These aren’t even the tip of how many she has given me over the years. Once puberty hit, it was game over for me. I couldn’t win no matter how hard I tried to please this hateful woman. It was at least once a day and never failed to leave me crying in my closet or bathroom. As I searched my soul to find who I wanted to be as I grew, she stifled the flame I was nurturing, and she took joy in it. What made these insults especially hard was just how happy she was to offer them. I could see in her nearly-dead eyes, she enjoyed inflicting this pain on her second born.

For years, I chalked it up to her projecting her own insecurities, but it wasn’t that. It never was. It was about the thrill of having complete control of another human, much like a doll she could tear and break to pieces. She was the little girl who took pleasure in ripping her toys apart, limb by limb. Everything she did and does to me was and is about control on her part. She’s a true-born psychopath with a taste for destruction. She is the real reason I developed anorexia at thirteen. She’s the cause of my deeply rooted issues about my appearance. If you hear something enough, it can, in a twisted way, become your truth.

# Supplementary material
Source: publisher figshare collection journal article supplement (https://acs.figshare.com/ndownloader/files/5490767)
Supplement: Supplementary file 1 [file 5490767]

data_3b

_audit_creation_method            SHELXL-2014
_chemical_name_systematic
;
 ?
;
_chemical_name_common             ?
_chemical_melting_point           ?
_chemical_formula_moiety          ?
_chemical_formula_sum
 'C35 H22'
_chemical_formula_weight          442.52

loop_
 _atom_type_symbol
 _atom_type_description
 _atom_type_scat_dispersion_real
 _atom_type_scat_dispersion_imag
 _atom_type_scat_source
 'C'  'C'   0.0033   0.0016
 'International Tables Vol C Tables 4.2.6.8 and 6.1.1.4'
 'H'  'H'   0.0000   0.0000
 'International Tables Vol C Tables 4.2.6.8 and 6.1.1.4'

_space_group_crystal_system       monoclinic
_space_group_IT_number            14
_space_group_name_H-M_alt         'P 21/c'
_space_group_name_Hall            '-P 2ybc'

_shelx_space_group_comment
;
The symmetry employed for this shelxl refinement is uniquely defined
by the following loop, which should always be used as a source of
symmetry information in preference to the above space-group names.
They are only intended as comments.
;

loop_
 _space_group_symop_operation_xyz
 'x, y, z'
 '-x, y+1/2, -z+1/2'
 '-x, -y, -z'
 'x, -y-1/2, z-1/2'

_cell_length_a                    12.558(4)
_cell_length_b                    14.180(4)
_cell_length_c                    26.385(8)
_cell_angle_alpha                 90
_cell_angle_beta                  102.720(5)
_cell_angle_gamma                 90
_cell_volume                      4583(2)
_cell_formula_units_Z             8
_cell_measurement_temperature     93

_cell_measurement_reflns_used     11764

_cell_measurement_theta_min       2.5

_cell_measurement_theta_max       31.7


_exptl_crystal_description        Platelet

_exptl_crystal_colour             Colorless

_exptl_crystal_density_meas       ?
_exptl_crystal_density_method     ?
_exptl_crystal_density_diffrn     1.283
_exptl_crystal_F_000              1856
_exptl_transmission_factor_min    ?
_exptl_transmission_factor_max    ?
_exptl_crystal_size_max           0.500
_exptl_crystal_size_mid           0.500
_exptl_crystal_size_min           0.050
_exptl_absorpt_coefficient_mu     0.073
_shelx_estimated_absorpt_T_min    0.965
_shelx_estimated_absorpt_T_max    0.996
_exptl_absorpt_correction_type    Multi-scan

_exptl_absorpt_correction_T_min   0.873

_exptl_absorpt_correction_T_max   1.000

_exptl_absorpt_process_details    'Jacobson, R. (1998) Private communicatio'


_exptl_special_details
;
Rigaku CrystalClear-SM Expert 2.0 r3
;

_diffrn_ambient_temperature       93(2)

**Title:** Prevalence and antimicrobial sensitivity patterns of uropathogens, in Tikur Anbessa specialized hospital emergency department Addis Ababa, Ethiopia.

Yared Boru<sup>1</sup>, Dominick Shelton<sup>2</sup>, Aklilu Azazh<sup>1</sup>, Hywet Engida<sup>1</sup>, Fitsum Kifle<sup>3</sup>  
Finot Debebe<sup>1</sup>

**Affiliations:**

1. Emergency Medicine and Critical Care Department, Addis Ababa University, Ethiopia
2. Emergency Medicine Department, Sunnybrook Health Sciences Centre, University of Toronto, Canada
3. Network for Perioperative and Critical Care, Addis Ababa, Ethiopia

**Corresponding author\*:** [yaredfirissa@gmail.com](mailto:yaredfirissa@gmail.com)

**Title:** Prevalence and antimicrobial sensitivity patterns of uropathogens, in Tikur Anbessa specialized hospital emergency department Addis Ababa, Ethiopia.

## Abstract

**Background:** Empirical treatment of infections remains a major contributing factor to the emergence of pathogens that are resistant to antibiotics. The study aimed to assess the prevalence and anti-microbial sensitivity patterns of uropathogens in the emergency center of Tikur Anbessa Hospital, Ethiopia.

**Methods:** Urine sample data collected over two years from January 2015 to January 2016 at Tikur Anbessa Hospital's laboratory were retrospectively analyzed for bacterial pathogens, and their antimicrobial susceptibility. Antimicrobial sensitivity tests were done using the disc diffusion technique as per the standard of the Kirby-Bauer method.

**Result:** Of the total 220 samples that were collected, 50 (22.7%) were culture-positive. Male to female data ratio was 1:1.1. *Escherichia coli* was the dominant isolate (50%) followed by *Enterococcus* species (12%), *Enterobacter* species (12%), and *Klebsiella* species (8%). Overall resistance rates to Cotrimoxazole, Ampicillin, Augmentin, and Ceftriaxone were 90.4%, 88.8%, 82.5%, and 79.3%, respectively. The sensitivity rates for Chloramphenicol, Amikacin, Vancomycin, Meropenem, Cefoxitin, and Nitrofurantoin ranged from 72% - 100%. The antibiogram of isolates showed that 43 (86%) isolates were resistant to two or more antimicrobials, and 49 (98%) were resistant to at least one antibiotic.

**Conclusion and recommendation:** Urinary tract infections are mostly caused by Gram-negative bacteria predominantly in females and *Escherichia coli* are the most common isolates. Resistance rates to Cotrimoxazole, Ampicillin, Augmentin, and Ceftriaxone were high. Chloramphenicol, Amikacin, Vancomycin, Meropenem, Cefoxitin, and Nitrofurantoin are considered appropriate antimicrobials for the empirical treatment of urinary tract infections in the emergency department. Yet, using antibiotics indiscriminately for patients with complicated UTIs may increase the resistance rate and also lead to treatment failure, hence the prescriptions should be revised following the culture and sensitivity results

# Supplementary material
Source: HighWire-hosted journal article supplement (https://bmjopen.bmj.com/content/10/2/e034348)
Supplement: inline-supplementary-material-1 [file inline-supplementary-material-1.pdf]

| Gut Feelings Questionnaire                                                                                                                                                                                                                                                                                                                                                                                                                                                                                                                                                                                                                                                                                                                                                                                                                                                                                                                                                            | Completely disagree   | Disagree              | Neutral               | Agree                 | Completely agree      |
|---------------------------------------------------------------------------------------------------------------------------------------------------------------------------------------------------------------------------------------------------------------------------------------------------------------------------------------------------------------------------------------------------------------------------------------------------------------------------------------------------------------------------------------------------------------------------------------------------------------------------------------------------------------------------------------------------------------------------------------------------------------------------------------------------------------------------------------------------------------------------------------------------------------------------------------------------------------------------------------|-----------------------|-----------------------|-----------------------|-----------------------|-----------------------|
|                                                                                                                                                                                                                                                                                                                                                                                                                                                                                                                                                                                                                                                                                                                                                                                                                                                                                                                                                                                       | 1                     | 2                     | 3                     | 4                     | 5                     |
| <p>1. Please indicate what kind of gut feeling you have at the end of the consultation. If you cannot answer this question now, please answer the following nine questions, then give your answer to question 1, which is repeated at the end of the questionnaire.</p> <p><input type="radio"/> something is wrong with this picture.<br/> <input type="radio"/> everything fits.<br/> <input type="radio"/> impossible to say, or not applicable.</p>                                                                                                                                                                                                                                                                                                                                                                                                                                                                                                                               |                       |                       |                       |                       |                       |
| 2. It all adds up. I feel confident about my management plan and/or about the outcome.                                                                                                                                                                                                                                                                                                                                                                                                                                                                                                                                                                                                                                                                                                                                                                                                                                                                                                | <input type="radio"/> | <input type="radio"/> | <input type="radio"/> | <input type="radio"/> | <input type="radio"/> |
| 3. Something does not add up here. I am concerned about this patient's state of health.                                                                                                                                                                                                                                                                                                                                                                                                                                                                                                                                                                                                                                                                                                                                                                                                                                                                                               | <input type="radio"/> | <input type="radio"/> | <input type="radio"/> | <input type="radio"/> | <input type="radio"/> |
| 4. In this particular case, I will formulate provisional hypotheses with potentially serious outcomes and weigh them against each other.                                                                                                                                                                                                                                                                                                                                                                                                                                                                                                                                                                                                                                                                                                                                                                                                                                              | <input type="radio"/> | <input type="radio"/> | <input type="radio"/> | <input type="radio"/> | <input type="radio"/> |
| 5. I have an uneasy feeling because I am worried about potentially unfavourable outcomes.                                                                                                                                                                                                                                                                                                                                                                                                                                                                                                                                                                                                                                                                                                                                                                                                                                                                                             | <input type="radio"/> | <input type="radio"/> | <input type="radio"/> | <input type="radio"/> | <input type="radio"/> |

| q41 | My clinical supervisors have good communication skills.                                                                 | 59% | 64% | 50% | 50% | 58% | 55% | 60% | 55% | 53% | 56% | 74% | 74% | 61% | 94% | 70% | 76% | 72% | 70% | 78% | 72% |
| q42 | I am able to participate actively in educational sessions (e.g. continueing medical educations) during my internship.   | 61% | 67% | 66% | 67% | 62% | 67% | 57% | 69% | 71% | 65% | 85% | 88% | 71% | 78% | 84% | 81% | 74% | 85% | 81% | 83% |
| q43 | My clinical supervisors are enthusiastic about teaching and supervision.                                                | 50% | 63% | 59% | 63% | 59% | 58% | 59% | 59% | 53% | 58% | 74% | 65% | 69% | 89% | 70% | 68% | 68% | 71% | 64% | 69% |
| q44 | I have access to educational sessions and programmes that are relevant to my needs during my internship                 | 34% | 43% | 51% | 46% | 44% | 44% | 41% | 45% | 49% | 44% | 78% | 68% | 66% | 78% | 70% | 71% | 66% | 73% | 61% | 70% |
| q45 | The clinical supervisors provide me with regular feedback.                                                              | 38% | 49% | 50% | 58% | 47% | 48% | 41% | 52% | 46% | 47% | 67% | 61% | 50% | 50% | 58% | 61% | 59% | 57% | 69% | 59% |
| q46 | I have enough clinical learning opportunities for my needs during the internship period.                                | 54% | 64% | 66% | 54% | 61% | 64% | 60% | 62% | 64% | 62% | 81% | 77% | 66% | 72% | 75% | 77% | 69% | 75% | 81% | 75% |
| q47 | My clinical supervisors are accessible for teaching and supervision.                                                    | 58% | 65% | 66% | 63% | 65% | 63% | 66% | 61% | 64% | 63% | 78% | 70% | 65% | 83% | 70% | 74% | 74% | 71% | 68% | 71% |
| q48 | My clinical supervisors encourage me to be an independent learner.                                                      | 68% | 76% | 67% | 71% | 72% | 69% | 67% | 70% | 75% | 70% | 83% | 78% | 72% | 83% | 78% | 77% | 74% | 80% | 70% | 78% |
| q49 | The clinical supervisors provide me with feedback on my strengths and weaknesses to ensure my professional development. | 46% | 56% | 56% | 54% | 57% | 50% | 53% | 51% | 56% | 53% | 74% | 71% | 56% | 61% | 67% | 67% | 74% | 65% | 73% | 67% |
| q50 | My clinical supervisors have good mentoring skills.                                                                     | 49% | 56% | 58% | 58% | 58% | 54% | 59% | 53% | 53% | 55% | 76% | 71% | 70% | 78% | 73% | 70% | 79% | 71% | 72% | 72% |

My twenty-seven-year-old self may be able to maintain a steady job, pay bills, and keep healthy relationships, but inside? I am broken. That little girl never knew a mother’s affection, and in the way I present myself, it shows. My fear of being perceived as not good enough is prevalent. My desire to be accepted as someone I am not is a problem. Therapy has shown me that my mind is wired to think the worst. I am working towards not relying on other peoples’ perceptions for my ego to feel fulfilled. It doesn’t matter how many likes my filter frenzied photos may get, it doesn’t replace that love I needed and need.